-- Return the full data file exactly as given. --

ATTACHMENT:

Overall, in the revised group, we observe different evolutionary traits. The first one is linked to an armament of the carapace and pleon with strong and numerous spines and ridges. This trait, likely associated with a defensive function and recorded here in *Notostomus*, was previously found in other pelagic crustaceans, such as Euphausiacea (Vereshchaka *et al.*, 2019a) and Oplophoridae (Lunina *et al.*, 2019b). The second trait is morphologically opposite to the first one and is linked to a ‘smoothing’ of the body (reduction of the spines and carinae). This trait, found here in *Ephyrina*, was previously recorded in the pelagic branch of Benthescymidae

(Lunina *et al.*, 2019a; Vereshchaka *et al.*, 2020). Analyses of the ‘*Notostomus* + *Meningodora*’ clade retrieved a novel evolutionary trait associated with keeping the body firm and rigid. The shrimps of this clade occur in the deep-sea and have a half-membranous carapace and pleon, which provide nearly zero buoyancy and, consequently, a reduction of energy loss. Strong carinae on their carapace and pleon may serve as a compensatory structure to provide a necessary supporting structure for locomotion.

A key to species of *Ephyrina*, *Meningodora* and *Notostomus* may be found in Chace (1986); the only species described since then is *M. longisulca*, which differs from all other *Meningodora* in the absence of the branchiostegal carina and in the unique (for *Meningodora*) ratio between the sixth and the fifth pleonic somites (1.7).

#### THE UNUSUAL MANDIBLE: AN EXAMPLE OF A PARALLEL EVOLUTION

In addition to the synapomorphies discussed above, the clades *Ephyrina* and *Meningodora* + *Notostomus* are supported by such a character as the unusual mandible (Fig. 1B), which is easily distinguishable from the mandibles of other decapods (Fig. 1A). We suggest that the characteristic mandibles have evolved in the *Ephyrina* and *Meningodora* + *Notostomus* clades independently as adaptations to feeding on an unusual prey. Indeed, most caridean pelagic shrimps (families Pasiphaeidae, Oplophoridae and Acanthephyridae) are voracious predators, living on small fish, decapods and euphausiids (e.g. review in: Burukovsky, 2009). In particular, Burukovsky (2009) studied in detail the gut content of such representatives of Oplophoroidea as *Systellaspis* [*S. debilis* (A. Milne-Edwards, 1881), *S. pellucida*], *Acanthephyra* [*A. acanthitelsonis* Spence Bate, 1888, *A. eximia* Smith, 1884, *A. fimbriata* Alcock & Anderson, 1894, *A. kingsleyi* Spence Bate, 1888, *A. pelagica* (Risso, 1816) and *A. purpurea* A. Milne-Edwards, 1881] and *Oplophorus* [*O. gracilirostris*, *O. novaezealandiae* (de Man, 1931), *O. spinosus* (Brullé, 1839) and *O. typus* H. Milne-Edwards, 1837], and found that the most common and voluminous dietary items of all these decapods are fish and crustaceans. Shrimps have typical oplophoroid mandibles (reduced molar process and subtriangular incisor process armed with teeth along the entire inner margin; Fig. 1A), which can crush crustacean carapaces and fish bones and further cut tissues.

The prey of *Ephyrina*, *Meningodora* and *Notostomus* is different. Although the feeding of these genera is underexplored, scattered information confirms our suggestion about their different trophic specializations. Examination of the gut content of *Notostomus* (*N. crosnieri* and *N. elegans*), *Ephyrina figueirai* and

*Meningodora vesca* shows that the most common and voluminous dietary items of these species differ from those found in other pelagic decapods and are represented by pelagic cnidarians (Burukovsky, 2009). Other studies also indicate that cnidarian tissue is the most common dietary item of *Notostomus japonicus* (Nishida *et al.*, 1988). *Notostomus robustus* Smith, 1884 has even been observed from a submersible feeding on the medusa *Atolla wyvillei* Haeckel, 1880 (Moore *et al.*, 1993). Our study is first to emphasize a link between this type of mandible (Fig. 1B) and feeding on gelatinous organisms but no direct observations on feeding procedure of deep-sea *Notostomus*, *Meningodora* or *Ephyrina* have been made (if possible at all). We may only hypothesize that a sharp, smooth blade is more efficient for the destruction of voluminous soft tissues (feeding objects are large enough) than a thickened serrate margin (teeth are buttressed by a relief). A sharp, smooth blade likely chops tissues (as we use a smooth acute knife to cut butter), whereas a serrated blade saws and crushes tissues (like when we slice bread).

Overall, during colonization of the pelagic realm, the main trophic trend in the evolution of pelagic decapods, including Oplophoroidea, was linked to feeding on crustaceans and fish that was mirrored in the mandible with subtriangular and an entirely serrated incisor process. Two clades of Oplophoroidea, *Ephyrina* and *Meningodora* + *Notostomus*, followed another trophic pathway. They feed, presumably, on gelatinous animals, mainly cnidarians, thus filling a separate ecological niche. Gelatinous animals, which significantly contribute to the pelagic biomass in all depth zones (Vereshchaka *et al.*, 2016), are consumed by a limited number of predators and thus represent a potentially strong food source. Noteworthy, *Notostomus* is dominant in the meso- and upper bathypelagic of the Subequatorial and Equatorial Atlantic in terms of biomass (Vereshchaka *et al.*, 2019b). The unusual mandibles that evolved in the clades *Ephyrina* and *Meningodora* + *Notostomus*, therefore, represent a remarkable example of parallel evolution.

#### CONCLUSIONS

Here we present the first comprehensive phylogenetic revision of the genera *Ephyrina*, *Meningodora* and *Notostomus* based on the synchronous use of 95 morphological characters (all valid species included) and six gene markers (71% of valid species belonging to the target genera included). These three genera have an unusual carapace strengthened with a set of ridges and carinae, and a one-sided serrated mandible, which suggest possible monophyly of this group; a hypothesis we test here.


Overall, in the revised group, we observe different evolutionary traits. The first one is linked to an armament of the carapace and pleon with strong and numerous spines and ridges. This trait, likely associated with a defensive function and recorded here in *Notostomus*, was previously found in other pelagic crustaceans, such as Euphausiacea (Vereshchaka *et al.*, 2019a) and Oplophoridae (Lunina *et al.*, 2019b). The second trait is morphologically opposite to the first one and is linked to a ‘smoothing’ of the body (reduction of the spines and carinae). This trait, found here in *Ephyrina*, was previously recorded in the pelagic branch of Benthescymidae

(Lunina *et al.*, 2019a; Vereshchaka *et al.*, 2020). Analyses of the ‘*Notostomus* + *Meningodora*’ clade retrieved a novel evolutionary trait associated with keeping the body firm and rigid. The shrimps of this clade occur in the deep-sea and have a half-membranous carapace and pleon, which provide nearly zero buoyancy and, consequently, a reduction of energy loss. Strong carinae on their carapace and pleon may serve as a compensatory structure to provide a necessary supporting structure for locomotion.

A key to species of *Ephyrina*, *Meningodora* and *Notostomus* may be found in Chace (1986); the only species described since then is *M. longisulca*, which differs from all other *Meningodora* in the absence of the branchiostegal carina and in the unique (for *Meningodora*) ratio between the sixth and the fifth pleonic somites (1.7).

#### THE UNUSUAL MANDIBLE: AN EXAMPLE OF A PARALLEL EVOLUTION

In addition to the synapomorphies discussed above, the clades *Ephyrina* and *Meningodora* + *Notostomus* are supported by such a character as the unusual mandible (Fig. 1B), which is easily distinguishable from the mandibles of other decapods (Fig. 1A). We suggest that the characteristic mandibles have evolved in the *Ephyrina* and *Meningodora* + *Notostomus* clades independently as adaptations to feeding on an unusual prey. Indeed, most caridean pelagic shrimps (families Pasiphaeidae, Oplophoridae and Acanthephyridae) are voracious predators, living on small fish, decapods and euphausiids (e.g. review in: Burukovsky, 2009). In particular, Burukovsky (2009) studied in detail the gut content of such representatives of Oplophoroidea as *Systellaspis* [*S. debilis* (A. Milne-Edwards, 1881), *S. pellucida*], *Acanthephyra* [*A. acanthitelsonis* Spence Bate, 1888, *A. eximia* Smith, 1884, *A. fimbriata* Alcock & Anderson, 1894, *A. kingsleyi* Spence Bate, 1888, *A. pelagica* (Risso, 1816) and *A. purpurea* A. Milne-Edwards, 1881] and *Oplophorus* [*O. gracilirostris*, *O. novaezealandiae* (de Man, 1931), *O. spinosus* (Brullé, 1839) and *O. typus* H. Milne-Edwards, 1837], and found that the most common and voluminous dietary items of all these decapods are fish and crustaceans. Shrimps have typical oplophoroid mandibles (reduced molar process and subtriangular incisor process armed with teeth along the entire inner margin; Fig. 1A), which can crush crustacean carapaces and fish bones and further cut tissues.

The prey of *Ephyrina*, *Meningodora* and *Notostomus* is different. Although the feeding of these genera is underexplored, scattered information confirms our suggestion about their different trophic specializations. Examination of the gut content of *Notostomus* (*N. crosnieri* and *N. elegans*), *Ephyrina figueirai* and

*Meningodora vesca* shows that the most common and voluminous dietary items of these species differ from those found in other pelagic decapods and are represented by pelagic cnidarians (Burukovsky, 2009). Other studies also indicate that cnidarian tissue is the most common dietary item of *Notostomus japonicus* (Nishida *et al.*, 1988). *Notostomus robustus* Smith, 1884 has even been observed from a submersible feeding on the medusa *Atolla wyvillei* Haeckel, 1880 (Moore *et al.*, 1993). Our study is first to emphasize a link between this type of mandible (Fig. 1B) and feeding on gelatinous organisms but no direct observations on feeding procedure of deep-sea *Notostomus*, *Meningodora* or *Ephyrina* have been made (if possible at all). We may only hypothesize that a sharp, smooth blade is more efficient for the destruction of voluminous soft tissues (feeding objects are large enough) than a thickened serrate margin (teeth are buttressed by a relief). A sharp, smooth blade likely chops tissues (as we use a smooth acute knife to cut butter), whereas a serrated blade saws and crushes tissues (like when we slice bread).

Overall, during colonization of the pelagic realm, the main trophic trend in the evolution of pelagic decapods, including Oplophoroidea, was linked to feeding on crustaceans and fish that was mirrored in the mandible with subtriangular and an entirely serrated incisor process. Two clades of Oplophoroidea, *Ephyrina* and *Meningodora* + *Notostomus*, followed another trophic pathway. They feed, presumably, on gelatinous animals, mainly cnidarians, thus filling a separate ecological niche. Gelatinous animals, which significantly contribute to the pelagic biomass in all depth zones (Vereshchaka *et al.*, 2016), are consumed by a limited number of predators and thus represent a potentially strong food source. Noteworthy, *Notostomus* is dominant in the meso- and upper bathypelagic of the Subequatorial and Equatorial Atlantic in terms of biomass (Vereshchaka *et al.*, 2019b). The unusual mandibles that evolved in the clades *Ephyrina* and *Meningodora* + *Notostomus*, therefore, represent a remarkable example of parallel evolution.

#### CONCLUSIONS

Here we present the first comprehensive phylogenetic revision of the genera *Ephyrina*, *Meningodora* and *Notostomus* based on the synchronous use of 95 morphological characters (all valid species included) and six gene markers (71% of valid species belonging to the target genera included). These three genera have an unusual carapace strengthened with a set of ridges and carinae, and a one-sided serrated mandible, which suggest possible monophyly of this group; a hypothesis we test here.